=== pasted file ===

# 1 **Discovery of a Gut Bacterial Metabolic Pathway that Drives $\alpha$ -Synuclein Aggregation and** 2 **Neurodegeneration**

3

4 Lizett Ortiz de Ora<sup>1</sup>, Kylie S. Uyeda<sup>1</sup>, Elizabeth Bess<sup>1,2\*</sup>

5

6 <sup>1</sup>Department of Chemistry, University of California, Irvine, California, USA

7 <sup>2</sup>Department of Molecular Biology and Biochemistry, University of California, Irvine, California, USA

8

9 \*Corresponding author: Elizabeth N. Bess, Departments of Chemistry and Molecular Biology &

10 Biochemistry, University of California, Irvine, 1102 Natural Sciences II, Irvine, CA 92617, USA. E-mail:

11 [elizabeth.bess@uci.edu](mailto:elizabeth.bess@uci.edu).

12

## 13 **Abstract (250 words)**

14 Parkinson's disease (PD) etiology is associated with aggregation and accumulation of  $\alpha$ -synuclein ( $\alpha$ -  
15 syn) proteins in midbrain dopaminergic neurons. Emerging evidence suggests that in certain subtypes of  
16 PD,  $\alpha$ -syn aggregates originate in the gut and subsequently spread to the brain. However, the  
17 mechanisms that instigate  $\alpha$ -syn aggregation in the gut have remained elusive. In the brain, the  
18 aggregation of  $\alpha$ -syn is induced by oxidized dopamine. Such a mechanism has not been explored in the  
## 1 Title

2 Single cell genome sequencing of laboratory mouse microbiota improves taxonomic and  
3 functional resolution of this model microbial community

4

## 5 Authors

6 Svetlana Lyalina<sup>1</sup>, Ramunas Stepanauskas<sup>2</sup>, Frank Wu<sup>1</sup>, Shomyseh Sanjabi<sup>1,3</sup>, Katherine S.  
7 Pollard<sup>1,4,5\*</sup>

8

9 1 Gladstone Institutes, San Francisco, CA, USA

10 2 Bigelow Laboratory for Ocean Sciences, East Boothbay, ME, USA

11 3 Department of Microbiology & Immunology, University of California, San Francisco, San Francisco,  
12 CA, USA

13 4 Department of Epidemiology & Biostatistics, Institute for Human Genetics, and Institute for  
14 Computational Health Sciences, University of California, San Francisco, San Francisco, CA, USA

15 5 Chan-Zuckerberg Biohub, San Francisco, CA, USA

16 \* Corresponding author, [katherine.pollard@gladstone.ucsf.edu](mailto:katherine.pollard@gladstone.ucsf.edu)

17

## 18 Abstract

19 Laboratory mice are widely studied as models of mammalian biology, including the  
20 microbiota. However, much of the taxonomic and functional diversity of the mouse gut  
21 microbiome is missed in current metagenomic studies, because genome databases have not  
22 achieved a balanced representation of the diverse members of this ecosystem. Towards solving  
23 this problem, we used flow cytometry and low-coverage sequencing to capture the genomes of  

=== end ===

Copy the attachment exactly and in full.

# 1 **Discovery of a Gut Bacterial Metabolic Pathway that Drives $\alpha$ -Synuclein Aggregation and** 2 **Neurodegeneration**

3

4 Lizett Ortiz de Ora<sup>1</sup>, Kylie S. Uyeda<sup>1</sup>, Elizabeth Bess<sup>1,2\*</sup>

5

6 <sup>1</sup>Department of Chemistry, University of California, Irvine, California, USA

7 <sup>2</sup>Department of Molecular Biology and Biochemistry, University of California, Irvine, California, USA

8

9 \*Corresponding author: Elizabeth N. Bess, Departments of Chemistry and Molecular Biology &

10 Biochemistry, University of California, Irvine, 1102 Natural Sciences II, Irvine, CA 92617, USA. E-mail:

11 [elizabeth.bess@uci.edu](mailto:elizabeth.bess@uci.edu).

12

## 13 **Abstract (250 words)**

14 Parkinson's disease (PD) etiology is associated with aggregation and accumulation of  $\alpha$ -synuclein ( $\alpha$ -  
15 syn) proteins in midbrain dopaminergic neurons. Emerging evidence suggests that in certain subtypes of  
16 PD,  $\alpha$ -syn aggregates originate in the gut and subsequently spread to the brain. However, the  
17 mechanisms that instigate  $\alpha$ -syn aggregation in the gut have remained elusive. In the brain, the  
18 aggregation of  $\alpha$ -syn is induced by oxidized dopamine. Such a mechanism has not been explored in the  
## 1 Title

2 Single cell genome sequencing of laboratory mouse microbiota improves taxonomic and  
3 functional resolution of this model microbial community

4

## 5 Authors

6 Svetlana Lyalina<sup>1</sup>, Ramunas Stepanauskas<sup>2</sup>, Frank Wu<sup>1</sup>, Shomyseh Sanjabi<sup>1,3</sup>, Katherine S.  
7 Pollard<sup>1,4,5\*</sup>

8

9 1 Gladstone Institutes, San Francisco, CA, USA

10 2 Bigelow Laboratory for Ocean Sciences, East Boothbay, ME, USA

11 3 Department of Microbiology & Immunology, University of California, San Francisco, San Francisco,  
12 CA, USA

13 4 Department of Epidemiology & Biostatistics, Institute for Human Genetics, and Institute for  
14 Computational Health Sciences, University of California, San Francisco, San Francisco, CA, USA

15 5 Chan-Zuckerberg Biohub, San Francisco, CA, USA

16 \* Corresponding author, [katherine.pollard@gladstone.ucsf.edu](mailto:katherine.pollard@gladstone.ucsf.edu)

17

## 18 Abstract

19 Laboratory mice are widely studied as models of mammalian biology, including the  
20 microbiota. However, much of the taxonomic and functional diversity of the mouse gut  
21 microbiome is missed in current metagenomic studies, because genome databases have not  
22 achieved a balanced representation of the diverse members of this ecosystem. Towards solving  
23 this problem, we used flow cytometry and low-coverage sequencing to capture the genomes of  